It's Good to be the King!
|American Tim O'Donnell|
In Your Doctor's Office
The pressures physicians feel these days have never been more intense. The gradual switch to electronic medical records, decreased reimbursements, major alterations to resident education, etc. have many docs changing the style of practice they manage. The use of physician extenders like nurse practitioners, PA's, and Athletic Trainers has never been higher. In many instances this can be a good thing. These bright, motivated medical care givers often have a great deal of knowledge and experience, plus the time to answer questions possibly omitted by the physician or surgeon. They frequently choose this line of work because they enjoy teaching, and your thirsty triathlon loving brain is just what they like.
Let me begin with two stories. First is about a woman with shoulder pain I saw a while back. She complained to her care giver of this problem and it was felt a shoulder MRI was in order. Normal. Once back in the care giver's office, there was consideration that this was potentially of neck origin so an MRI of the neck was ordered. Normal. In short, perhaps choosing a course where an exam by someone who knew a little more about shoulder pain, maybe even some plain x-rays, might have been a more cost saving approach.
That said, I know of two docs in my community who take advantage of this situation. The physician extender not only does the initial work up, orders and interprets tests like MRI's or CT-myelograms, they make the decision for surgery and do the work up, all before the patient has ever even met the surgeon. In fact, it's so bad, rumor has it that one our docs meets the patient for the first time in the OR! 4 years of med school, 5 or more years of surgical training, and the first time they ever lay eyes on the patient is in the OR! Maybe not the best way to practice the profession.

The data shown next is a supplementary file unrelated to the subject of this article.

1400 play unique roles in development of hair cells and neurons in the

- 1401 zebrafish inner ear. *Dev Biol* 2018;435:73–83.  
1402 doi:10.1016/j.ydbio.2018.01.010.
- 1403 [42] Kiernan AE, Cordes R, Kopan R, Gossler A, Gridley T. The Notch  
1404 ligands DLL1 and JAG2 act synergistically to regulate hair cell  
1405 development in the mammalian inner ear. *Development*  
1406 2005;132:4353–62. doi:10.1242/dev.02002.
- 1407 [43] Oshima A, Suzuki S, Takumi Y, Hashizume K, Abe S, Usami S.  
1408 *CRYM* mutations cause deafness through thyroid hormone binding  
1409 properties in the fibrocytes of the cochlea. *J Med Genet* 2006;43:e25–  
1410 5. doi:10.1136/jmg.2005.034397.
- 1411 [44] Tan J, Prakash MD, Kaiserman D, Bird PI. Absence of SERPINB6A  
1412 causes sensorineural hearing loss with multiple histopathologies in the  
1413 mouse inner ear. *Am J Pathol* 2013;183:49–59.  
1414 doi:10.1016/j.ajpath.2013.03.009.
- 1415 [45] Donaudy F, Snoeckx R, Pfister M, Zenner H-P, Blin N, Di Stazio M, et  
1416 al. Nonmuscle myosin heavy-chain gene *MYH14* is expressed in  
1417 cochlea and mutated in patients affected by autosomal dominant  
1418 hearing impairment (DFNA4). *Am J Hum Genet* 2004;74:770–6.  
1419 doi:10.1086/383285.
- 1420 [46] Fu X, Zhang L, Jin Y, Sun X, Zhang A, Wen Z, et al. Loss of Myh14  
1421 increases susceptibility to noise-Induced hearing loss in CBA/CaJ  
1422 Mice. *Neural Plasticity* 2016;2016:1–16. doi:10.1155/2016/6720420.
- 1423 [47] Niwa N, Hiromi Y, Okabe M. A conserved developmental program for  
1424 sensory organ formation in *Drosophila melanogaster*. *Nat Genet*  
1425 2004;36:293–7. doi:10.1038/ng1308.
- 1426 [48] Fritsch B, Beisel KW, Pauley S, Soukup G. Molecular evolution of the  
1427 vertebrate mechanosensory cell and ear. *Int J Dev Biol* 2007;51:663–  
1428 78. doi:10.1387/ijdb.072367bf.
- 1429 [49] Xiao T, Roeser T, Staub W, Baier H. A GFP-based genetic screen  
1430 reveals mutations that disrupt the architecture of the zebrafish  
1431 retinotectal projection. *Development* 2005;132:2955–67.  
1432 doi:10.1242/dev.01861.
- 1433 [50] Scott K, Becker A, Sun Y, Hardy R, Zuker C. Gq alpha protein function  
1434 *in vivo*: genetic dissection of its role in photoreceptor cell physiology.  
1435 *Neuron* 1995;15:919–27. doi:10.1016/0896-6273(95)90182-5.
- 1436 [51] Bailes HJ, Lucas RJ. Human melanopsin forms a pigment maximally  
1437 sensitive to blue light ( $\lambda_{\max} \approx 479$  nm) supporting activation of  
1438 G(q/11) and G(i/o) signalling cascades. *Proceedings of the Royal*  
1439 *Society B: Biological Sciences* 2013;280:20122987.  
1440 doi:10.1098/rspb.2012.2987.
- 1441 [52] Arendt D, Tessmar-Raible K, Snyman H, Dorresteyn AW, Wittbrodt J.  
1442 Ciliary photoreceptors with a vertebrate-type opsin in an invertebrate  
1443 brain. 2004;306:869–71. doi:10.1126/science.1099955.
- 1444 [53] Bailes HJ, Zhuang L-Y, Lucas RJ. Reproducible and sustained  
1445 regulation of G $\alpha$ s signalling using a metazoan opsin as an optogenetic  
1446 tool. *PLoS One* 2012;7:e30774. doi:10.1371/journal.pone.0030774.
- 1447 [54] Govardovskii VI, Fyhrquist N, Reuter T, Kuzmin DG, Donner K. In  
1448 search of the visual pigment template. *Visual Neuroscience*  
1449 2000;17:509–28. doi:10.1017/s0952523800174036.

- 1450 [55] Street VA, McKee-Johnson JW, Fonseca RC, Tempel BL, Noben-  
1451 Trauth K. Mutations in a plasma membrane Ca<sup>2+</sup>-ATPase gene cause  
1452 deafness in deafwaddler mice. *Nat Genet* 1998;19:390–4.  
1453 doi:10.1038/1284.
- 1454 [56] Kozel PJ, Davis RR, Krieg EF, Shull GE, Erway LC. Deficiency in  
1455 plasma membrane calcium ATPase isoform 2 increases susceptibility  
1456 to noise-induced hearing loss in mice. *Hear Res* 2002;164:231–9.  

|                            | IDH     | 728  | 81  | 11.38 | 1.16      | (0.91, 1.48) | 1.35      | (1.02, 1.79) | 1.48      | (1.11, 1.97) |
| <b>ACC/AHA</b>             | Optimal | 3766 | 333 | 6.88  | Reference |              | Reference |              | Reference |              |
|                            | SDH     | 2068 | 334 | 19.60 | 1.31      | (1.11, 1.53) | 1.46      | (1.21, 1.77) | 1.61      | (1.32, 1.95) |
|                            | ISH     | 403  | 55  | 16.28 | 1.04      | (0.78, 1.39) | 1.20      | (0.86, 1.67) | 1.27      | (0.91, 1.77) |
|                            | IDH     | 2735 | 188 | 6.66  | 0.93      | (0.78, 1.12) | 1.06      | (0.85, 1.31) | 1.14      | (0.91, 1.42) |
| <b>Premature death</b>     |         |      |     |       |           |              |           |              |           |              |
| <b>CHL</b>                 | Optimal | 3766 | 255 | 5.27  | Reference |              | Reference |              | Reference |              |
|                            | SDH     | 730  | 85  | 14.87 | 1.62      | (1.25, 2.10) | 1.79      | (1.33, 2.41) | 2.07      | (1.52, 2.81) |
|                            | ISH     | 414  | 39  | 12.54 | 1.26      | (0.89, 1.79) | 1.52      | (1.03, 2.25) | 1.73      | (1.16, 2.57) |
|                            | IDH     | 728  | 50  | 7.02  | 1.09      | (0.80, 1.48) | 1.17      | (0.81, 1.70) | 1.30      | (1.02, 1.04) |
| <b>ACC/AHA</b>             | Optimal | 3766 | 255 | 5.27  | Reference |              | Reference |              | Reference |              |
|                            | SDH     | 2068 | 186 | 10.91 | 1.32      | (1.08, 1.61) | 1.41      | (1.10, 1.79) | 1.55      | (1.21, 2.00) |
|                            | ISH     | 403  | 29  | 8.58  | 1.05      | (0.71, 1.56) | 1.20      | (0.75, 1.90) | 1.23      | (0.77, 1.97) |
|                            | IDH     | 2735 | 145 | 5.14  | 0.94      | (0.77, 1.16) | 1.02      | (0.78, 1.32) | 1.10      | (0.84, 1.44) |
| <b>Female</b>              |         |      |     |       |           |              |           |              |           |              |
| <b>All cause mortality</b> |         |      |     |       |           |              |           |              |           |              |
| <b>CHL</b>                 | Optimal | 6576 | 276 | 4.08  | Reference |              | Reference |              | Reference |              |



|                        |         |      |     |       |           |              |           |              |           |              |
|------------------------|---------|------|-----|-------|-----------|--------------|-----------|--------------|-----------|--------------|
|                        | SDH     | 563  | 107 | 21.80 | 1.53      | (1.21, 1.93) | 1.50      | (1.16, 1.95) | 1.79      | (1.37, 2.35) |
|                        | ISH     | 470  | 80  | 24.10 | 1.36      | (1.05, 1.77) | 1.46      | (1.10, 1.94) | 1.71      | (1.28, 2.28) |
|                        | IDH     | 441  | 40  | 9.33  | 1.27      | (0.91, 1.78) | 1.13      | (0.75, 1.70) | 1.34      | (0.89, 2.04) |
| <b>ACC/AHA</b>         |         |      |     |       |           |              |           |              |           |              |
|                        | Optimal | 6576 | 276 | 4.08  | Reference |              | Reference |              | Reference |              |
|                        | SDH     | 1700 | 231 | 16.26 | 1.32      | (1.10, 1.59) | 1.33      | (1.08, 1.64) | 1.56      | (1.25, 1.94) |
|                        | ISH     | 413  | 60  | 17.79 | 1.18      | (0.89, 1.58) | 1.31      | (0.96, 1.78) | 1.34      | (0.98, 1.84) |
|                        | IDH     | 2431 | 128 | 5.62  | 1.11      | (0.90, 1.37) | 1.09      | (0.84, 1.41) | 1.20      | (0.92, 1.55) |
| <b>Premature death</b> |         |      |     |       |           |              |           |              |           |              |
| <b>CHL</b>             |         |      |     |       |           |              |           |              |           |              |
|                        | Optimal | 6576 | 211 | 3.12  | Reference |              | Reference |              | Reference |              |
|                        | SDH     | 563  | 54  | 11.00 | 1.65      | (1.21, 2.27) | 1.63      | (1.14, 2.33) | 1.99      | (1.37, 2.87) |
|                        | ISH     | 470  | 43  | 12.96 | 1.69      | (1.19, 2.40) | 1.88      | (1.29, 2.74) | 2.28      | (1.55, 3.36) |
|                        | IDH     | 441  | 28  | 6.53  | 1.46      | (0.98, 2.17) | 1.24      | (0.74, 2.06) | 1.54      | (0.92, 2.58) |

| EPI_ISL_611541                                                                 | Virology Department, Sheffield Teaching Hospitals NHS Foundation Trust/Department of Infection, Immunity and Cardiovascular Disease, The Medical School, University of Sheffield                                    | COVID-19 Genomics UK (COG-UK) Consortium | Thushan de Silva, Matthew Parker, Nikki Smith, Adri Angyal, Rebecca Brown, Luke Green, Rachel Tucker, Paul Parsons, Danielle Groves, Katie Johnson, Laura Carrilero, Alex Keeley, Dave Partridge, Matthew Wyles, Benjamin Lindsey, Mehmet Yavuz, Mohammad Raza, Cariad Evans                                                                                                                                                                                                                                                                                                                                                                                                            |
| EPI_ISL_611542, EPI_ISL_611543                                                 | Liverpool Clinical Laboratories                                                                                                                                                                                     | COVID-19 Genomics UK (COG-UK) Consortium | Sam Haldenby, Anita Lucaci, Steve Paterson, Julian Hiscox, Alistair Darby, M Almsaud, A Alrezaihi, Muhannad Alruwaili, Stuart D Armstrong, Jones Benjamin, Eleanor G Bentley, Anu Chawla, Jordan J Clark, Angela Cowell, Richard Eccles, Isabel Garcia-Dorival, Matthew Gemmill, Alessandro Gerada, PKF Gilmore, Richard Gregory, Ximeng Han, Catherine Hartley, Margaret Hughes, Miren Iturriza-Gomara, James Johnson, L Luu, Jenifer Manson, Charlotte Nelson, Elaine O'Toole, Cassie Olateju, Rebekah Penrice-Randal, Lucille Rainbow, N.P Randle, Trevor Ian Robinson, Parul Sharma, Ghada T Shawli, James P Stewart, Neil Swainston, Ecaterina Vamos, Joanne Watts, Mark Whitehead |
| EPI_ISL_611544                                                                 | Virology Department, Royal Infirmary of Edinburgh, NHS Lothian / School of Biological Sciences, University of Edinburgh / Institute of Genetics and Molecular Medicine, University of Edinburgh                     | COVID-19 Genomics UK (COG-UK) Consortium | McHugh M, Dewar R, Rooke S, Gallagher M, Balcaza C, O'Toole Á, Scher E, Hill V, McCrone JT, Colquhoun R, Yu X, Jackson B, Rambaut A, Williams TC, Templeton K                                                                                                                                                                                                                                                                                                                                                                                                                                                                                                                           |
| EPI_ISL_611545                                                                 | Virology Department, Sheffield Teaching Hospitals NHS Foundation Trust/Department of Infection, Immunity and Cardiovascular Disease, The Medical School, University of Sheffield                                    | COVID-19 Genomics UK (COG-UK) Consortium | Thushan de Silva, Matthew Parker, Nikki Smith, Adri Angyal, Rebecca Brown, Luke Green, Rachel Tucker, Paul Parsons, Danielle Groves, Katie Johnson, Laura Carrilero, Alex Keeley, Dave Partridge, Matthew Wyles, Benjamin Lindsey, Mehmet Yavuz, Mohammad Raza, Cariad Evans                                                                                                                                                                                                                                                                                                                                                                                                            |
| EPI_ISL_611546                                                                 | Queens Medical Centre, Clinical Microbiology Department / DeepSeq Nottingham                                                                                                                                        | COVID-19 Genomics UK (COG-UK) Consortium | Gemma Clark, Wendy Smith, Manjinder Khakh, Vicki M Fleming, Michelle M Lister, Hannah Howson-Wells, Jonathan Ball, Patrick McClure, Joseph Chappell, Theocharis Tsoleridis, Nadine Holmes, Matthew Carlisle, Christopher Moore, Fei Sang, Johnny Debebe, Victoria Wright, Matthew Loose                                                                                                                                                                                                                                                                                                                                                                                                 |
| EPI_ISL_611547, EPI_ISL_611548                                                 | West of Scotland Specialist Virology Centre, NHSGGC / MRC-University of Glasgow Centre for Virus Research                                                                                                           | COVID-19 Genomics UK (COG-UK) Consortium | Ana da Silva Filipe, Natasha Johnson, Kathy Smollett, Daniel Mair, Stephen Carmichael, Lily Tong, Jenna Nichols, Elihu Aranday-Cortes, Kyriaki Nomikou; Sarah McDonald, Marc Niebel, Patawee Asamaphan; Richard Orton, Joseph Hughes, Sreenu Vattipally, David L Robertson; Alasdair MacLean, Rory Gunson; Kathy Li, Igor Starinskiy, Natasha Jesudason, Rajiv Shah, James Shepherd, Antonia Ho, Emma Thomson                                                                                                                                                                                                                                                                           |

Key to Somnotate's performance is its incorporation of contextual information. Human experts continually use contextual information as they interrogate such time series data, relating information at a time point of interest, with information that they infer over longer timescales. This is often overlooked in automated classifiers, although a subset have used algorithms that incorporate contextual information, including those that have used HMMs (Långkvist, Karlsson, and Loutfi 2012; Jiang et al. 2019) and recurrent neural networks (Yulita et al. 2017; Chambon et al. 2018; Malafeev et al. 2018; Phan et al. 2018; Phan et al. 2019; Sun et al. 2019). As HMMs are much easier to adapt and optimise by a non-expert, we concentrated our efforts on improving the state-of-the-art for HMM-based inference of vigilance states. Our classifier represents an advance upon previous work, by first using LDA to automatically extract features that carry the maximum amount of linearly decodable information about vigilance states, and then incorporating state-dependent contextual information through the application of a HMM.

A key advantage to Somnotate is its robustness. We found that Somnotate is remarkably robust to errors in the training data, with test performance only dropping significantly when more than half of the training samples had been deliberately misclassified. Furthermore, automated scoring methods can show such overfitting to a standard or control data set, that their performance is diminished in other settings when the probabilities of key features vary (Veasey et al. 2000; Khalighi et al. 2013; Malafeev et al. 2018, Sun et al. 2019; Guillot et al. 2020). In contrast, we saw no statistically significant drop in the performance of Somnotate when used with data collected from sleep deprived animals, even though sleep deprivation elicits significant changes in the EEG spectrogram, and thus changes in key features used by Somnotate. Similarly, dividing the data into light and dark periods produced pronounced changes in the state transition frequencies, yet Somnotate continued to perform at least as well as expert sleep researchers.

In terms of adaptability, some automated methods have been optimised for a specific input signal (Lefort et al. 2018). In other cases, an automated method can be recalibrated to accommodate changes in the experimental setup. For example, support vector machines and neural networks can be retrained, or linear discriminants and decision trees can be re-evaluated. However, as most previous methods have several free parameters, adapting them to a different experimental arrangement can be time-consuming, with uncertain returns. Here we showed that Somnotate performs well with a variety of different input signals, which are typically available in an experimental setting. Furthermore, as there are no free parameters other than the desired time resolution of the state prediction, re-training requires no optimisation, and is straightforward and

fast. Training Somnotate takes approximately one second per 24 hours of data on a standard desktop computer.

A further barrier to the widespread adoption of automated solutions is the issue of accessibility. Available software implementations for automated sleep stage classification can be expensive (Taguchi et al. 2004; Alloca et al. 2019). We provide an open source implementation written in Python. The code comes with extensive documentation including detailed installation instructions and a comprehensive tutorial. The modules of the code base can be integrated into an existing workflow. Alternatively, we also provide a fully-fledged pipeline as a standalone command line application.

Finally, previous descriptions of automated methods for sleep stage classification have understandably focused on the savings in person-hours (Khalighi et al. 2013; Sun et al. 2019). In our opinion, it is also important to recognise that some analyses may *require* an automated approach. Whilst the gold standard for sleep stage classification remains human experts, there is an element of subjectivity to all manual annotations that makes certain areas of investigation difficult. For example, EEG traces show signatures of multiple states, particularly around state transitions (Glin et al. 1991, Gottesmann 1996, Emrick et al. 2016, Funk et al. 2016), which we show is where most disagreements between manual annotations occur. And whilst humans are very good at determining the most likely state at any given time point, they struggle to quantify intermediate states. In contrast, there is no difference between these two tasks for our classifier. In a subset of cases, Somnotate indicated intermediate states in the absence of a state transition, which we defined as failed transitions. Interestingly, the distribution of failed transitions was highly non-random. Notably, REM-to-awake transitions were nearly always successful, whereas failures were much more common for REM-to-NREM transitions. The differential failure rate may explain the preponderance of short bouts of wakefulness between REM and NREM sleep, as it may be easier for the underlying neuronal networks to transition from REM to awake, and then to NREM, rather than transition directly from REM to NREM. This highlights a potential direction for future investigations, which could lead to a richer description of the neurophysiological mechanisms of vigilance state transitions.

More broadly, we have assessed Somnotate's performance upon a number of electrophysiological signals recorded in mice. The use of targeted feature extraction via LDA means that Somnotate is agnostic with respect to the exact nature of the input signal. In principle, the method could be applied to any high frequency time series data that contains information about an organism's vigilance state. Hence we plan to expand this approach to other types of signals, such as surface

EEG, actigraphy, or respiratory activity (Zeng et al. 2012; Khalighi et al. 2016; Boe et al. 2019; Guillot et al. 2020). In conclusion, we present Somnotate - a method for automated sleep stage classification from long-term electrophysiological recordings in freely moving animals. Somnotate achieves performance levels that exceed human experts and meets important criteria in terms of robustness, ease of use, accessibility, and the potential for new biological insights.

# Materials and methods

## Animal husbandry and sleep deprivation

Short of listing some kind of patient bill of rights, in my opinion, this just really short changes the patient, YOU. When you give your history to the doc, your story of the problem, he/she may glean something completely different from your story than the extender. Sometimes, what may seem to you like the smallest detail, can completely change the way the data is interpreted. This then may significantly alter the tests that are ordered and your ultimate treatment. And, in some settings, whether you've seen the physician or not, your charges reflect that you have. Remember to check.
So, think about this next time you need medical care, ask initially what the standard is for this particular medical team or office. Don't be afraid to state your expectations. If things don't seem right, they probably aren't, for you as an individual anyway. And, you can always vote with your feet.